Bernard Madoff

Buy What, Bernie?

Bernard Madoff

The name Bernie Madoff has become the icon for everything that is wrong with the financial services industry. Although many scammers have preceded Bernie in deceiving investors and bilking them out of their life savings (and I am sure there will be more), he will always be remembered as "that guy," probably because he is currently serving the longest prison sentence ever handed down to a person for committing financial fraud (150 years). 

In a recent interview with MarketWatch1, Bernie gave a rare inside look into the world of hedge funds and explained why an industry that is constantly breaking the law is consistently getting away with it. From an understaffed SEC to an intricate and vast network of exchanging insider information, many hedge funds are playing by their own rules, often making it near impossible for the little guys to compete.

Although Bernie is no longer managing anyone's money, he still offers his advice for investors from his small cell in Durham, North Carolina.

MarketWatch: "Where is the safest place to invest money these days, with the least amount of risk for fraud?"

Bernie Madoff: "The best chance for the average investor is to put money in an index fund. There are lower commission rates and more professional management with these types of firms. It is the safest and least likely place to get scammed."

Don't be fooled by the phrase "average investor." This phrase is often thrown around by many industry experts, pundits, and even high priced hedge fund managers. Unfortunately, it is often misunderstood. Our belief is that the term "average investor" should be understood as encompassing the vast majority, including institutions and high net worth individuals, and maybe excluding the tiny sliver of market makers that have the resources to invest directly in a business (Warren Buffet) without incurring ridiculous management fees. For most individuals, high net worth individuals, institutions, endowments, etc., investing in index funds is the best strategy to follow.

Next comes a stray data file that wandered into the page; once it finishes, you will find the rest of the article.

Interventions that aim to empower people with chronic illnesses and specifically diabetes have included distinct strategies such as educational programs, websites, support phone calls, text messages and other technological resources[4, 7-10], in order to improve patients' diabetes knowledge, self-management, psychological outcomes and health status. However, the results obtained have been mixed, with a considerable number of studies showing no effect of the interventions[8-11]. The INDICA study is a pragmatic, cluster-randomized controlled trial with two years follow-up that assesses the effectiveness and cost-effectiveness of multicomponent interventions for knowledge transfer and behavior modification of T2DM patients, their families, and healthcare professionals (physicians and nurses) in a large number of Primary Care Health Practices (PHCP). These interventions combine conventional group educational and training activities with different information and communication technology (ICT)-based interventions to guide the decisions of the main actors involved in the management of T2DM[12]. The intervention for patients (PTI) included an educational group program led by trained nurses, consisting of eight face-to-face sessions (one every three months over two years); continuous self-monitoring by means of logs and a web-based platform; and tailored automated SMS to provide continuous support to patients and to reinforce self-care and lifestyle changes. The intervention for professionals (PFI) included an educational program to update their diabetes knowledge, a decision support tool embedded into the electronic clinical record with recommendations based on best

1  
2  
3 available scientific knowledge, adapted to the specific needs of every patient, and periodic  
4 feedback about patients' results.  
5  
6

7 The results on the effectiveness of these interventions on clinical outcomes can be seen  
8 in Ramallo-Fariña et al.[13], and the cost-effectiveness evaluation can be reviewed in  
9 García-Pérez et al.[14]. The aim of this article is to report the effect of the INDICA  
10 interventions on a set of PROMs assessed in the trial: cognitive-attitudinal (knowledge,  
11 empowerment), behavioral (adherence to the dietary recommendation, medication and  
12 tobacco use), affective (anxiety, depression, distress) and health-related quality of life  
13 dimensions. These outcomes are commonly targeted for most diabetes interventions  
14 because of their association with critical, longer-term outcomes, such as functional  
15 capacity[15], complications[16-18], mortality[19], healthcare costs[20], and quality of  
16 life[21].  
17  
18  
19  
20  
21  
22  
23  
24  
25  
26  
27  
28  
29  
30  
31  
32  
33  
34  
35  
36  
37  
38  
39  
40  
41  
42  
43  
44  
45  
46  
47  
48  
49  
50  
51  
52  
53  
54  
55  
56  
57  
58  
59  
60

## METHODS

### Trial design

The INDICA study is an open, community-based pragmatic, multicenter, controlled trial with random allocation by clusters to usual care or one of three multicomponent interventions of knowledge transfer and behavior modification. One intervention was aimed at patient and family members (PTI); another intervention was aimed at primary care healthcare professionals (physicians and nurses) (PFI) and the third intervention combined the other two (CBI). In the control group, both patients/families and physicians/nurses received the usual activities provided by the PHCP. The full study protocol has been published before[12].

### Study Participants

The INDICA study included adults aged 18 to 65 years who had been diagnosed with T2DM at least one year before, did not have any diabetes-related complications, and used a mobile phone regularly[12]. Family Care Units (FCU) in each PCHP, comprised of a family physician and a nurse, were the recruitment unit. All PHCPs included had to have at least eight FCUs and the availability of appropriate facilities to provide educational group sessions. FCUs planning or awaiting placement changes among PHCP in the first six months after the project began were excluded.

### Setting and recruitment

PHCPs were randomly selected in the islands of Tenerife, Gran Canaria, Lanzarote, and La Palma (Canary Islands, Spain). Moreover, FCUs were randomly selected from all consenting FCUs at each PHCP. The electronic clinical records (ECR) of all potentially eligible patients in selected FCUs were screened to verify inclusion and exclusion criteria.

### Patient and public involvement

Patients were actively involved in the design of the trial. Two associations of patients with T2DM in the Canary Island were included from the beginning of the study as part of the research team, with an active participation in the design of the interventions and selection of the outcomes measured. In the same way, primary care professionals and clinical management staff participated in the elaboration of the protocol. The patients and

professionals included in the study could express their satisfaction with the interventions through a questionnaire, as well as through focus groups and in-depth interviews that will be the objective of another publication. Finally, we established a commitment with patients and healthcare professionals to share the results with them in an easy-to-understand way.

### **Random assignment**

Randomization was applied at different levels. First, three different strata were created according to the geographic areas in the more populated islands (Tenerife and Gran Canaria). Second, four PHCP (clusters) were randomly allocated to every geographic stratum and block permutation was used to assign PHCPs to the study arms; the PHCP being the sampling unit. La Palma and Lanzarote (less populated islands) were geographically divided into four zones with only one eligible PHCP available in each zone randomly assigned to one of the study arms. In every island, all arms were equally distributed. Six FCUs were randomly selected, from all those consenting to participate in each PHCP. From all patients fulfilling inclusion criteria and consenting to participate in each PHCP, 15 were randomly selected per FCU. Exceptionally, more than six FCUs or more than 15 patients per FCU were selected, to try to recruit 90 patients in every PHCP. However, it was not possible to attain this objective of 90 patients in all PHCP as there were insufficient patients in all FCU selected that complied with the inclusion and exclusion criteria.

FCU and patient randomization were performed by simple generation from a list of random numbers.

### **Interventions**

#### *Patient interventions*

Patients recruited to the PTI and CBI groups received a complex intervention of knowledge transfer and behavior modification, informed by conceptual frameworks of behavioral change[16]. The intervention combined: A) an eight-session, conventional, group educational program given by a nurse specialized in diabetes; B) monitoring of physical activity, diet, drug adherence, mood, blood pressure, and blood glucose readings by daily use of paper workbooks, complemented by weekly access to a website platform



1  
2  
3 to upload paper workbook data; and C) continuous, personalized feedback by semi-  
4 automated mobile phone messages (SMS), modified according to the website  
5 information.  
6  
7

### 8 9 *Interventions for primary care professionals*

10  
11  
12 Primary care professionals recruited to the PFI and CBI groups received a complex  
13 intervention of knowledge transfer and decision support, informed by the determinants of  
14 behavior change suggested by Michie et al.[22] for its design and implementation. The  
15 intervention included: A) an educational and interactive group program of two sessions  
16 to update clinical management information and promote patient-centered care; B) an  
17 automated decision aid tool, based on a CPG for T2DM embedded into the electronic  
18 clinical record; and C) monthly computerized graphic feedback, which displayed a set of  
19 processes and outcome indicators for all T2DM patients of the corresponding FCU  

Bernie's depiction of the money management industry and the efficiency of the capital markets jointly describe the optimal investment solution through two different lenses: one theoretical and one practical. Why do many money managers cheat? The capital markets are too efficient in digesting new information that trying to beat them consistently is a fool's game. Or in Bernie's experience, investors want to minimize the possibility of fraudulent behavior (Ponzi Scheme, money laundering, etc.). Whichever lens investors choose to identify with, they both lead to the same conclusion - Invest in Index Funds!

Like a rose among the weeds, even the most deceptive and egregious financial fraudster can still offer good investment advice.

1 Patel, Sital S. "Madoff: Don't let Wall Street scam you, like I did." MarketWatch:, June 5, 2013.